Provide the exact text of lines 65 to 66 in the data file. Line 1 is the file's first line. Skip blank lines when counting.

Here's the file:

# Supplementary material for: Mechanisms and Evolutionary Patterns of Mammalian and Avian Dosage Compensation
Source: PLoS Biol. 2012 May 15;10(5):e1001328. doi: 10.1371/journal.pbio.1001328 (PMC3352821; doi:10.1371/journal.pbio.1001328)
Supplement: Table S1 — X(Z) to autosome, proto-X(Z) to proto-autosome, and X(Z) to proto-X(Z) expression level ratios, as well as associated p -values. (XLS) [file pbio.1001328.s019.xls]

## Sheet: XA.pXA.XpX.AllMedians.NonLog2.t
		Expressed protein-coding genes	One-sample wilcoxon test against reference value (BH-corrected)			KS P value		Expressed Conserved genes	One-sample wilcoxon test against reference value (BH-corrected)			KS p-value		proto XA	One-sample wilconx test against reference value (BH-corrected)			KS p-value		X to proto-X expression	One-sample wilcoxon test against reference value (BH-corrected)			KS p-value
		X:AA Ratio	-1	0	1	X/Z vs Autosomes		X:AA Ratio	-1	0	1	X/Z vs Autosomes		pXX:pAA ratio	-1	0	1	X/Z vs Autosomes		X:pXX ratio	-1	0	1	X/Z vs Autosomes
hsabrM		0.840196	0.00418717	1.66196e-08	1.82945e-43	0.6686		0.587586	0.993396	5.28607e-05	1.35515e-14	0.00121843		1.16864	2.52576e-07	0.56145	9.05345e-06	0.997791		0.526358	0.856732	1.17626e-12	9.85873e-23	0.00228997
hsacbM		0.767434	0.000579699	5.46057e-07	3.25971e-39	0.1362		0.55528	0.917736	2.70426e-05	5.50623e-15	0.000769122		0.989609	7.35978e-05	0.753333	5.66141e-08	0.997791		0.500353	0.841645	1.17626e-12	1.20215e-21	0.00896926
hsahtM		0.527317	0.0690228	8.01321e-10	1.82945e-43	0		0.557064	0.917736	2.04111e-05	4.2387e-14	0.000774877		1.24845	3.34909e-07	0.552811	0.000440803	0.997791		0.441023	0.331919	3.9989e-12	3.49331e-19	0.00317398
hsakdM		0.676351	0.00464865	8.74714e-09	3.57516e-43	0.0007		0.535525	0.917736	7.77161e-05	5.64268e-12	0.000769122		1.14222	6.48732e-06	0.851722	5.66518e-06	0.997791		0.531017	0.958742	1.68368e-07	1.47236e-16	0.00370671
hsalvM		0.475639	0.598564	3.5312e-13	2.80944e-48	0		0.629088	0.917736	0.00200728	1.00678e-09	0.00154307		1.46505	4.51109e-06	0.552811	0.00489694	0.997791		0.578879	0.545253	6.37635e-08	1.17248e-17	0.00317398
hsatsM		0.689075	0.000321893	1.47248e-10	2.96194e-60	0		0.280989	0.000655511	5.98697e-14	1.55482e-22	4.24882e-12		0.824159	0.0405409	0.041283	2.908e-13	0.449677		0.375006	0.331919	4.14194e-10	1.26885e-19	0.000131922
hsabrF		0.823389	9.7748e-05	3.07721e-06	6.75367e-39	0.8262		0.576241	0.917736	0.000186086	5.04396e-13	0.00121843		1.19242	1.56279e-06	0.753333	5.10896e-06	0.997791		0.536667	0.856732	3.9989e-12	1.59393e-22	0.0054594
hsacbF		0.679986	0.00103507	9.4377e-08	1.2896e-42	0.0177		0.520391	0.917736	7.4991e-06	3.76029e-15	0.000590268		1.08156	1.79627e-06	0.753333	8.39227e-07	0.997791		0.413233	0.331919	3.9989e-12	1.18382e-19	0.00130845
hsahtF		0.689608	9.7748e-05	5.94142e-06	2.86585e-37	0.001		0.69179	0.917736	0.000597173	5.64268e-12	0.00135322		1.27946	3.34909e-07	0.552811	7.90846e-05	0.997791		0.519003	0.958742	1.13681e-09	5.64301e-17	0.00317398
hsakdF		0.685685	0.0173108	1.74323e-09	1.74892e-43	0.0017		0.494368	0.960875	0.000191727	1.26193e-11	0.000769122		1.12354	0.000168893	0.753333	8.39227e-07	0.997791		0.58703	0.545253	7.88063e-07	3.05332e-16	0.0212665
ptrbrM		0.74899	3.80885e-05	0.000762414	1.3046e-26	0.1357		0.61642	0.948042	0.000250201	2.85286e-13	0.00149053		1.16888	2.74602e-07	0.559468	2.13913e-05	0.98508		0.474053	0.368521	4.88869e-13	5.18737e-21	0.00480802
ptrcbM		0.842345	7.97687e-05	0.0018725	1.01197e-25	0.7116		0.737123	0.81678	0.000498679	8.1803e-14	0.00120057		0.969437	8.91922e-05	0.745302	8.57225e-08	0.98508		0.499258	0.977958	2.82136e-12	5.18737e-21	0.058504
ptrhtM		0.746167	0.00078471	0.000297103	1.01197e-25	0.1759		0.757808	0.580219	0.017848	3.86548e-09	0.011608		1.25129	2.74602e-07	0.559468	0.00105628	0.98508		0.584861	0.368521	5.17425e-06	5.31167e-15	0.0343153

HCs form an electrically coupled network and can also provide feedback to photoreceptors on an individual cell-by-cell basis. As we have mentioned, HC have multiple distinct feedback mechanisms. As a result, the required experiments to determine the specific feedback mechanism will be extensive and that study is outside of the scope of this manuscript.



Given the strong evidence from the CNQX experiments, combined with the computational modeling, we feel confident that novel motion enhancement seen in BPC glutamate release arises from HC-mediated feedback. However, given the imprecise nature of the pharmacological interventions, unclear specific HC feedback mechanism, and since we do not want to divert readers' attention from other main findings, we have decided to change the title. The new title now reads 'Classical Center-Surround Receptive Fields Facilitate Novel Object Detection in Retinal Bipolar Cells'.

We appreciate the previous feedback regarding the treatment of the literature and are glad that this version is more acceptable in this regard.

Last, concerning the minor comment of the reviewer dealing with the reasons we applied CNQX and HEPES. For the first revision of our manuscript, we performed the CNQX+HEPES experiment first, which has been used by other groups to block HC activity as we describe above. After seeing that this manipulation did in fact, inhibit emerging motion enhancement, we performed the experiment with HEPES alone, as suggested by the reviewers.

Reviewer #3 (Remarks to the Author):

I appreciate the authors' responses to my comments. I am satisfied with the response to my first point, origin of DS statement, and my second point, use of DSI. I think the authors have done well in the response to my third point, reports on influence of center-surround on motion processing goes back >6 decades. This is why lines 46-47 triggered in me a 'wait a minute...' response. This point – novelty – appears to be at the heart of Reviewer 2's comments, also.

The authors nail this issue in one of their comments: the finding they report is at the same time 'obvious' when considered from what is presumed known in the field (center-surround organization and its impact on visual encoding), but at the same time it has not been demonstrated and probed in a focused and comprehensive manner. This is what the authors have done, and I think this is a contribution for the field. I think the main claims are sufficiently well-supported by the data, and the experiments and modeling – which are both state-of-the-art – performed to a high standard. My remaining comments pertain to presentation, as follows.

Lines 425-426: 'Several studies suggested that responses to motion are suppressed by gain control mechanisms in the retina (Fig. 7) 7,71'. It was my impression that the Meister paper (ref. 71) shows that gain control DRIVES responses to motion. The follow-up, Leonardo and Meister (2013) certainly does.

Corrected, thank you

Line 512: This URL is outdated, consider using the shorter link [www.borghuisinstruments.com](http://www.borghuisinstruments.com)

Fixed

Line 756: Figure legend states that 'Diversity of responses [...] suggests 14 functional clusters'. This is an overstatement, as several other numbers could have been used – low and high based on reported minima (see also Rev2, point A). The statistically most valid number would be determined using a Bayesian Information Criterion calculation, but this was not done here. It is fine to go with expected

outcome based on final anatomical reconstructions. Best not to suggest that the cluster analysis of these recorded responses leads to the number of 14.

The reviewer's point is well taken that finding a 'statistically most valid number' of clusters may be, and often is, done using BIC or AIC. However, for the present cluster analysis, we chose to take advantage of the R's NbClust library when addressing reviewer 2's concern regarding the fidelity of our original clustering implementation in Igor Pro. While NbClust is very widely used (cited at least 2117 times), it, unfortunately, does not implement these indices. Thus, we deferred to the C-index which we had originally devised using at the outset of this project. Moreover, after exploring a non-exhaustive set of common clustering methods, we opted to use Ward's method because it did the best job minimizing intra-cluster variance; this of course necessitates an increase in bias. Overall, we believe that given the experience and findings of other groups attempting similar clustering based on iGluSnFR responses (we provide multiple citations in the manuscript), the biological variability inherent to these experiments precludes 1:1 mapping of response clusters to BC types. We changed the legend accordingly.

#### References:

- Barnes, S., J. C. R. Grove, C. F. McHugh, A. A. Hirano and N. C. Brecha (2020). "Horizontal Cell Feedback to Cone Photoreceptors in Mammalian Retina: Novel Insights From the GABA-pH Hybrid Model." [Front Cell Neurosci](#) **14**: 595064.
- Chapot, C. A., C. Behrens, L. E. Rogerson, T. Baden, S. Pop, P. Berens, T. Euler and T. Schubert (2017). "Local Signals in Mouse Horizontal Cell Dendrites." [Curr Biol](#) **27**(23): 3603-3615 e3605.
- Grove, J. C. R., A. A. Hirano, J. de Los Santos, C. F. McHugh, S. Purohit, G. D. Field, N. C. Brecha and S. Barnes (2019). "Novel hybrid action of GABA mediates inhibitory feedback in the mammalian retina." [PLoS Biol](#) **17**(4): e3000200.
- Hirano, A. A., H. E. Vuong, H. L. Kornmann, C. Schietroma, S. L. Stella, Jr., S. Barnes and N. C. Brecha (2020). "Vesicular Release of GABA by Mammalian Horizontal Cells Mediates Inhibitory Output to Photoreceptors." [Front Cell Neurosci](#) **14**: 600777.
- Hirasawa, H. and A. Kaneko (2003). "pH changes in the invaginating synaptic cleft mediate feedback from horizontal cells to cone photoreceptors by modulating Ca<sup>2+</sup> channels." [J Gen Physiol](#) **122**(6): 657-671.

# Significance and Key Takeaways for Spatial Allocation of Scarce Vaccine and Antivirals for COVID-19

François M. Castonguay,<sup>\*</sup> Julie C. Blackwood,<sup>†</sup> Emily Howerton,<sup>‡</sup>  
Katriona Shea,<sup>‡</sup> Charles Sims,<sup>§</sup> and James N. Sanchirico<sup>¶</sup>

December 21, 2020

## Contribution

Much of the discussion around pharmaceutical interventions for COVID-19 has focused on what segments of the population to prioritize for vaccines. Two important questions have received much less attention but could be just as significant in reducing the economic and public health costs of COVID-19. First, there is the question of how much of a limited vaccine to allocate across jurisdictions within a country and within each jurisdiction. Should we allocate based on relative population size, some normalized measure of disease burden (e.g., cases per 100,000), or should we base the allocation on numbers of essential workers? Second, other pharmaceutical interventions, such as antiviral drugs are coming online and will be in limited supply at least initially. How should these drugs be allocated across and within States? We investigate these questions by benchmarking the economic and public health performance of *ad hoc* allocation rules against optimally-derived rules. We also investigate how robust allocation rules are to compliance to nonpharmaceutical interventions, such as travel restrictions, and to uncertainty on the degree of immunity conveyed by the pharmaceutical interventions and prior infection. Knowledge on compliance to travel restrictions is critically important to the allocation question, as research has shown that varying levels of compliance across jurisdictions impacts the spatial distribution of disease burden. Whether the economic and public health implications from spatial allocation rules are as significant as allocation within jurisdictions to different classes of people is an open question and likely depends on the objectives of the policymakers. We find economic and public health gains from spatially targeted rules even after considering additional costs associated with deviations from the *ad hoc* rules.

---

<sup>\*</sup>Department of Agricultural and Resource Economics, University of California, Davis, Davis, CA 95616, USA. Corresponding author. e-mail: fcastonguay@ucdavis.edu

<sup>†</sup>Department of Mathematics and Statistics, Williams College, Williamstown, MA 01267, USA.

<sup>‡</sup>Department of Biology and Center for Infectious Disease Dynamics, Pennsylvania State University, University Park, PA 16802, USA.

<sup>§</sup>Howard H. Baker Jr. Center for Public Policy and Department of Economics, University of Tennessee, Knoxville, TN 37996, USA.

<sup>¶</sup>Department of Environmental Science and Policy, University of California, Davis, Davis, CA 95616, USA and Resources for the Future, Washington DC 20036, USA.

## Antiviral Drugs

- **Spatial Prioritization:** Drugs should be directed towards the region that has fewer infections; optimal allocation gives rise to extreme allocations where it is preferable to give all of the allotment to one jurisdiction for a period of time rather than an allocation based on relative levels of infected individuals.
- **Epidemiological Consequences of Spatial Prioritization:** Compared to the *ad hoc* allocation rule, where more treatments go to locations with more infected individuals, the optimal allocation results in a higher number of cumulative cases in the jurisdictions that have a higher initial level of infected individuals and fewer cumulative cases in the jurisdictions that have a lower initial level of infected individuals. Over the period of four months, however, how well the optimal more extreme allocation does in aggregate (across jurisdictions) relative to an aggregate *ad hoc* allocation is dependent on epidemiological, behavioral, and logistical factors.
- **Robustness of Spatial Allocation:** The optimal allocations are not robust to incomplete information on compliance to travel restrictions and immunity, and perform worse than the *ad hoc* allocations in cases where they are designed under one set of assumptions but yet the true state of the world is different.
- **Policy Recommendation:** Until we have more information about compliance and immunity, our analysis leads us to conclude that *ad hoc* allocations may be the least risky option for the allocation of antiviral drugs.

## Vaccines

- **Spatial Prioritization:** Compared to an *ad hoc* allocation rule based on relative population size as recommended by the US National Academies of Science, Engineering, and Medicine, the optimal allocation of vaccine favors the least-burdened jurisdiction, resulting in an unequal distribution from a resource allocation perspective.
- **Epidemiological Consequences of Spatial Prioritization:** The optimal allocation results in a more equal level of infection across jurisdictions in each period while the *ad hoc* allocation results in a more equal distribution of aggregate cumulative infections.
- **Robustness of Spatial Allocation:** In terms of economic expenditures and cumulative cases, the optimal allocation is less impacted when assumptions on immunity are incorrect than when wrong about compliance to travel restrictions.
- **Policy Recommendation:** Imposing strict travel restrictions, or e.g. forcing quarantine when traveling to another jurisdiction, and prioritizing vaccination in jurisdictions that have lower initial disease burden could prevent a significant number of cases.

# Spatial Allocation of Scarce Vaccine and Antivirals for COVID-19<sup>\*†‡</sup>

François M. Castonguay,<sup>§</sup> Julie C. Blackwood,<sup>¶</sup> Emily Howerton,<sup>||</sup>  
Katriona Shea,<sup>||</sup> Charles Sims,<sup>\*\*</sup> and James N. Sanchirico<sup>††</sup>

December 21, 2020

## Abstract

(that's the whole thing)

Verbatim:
December 21, 2020

## Abstract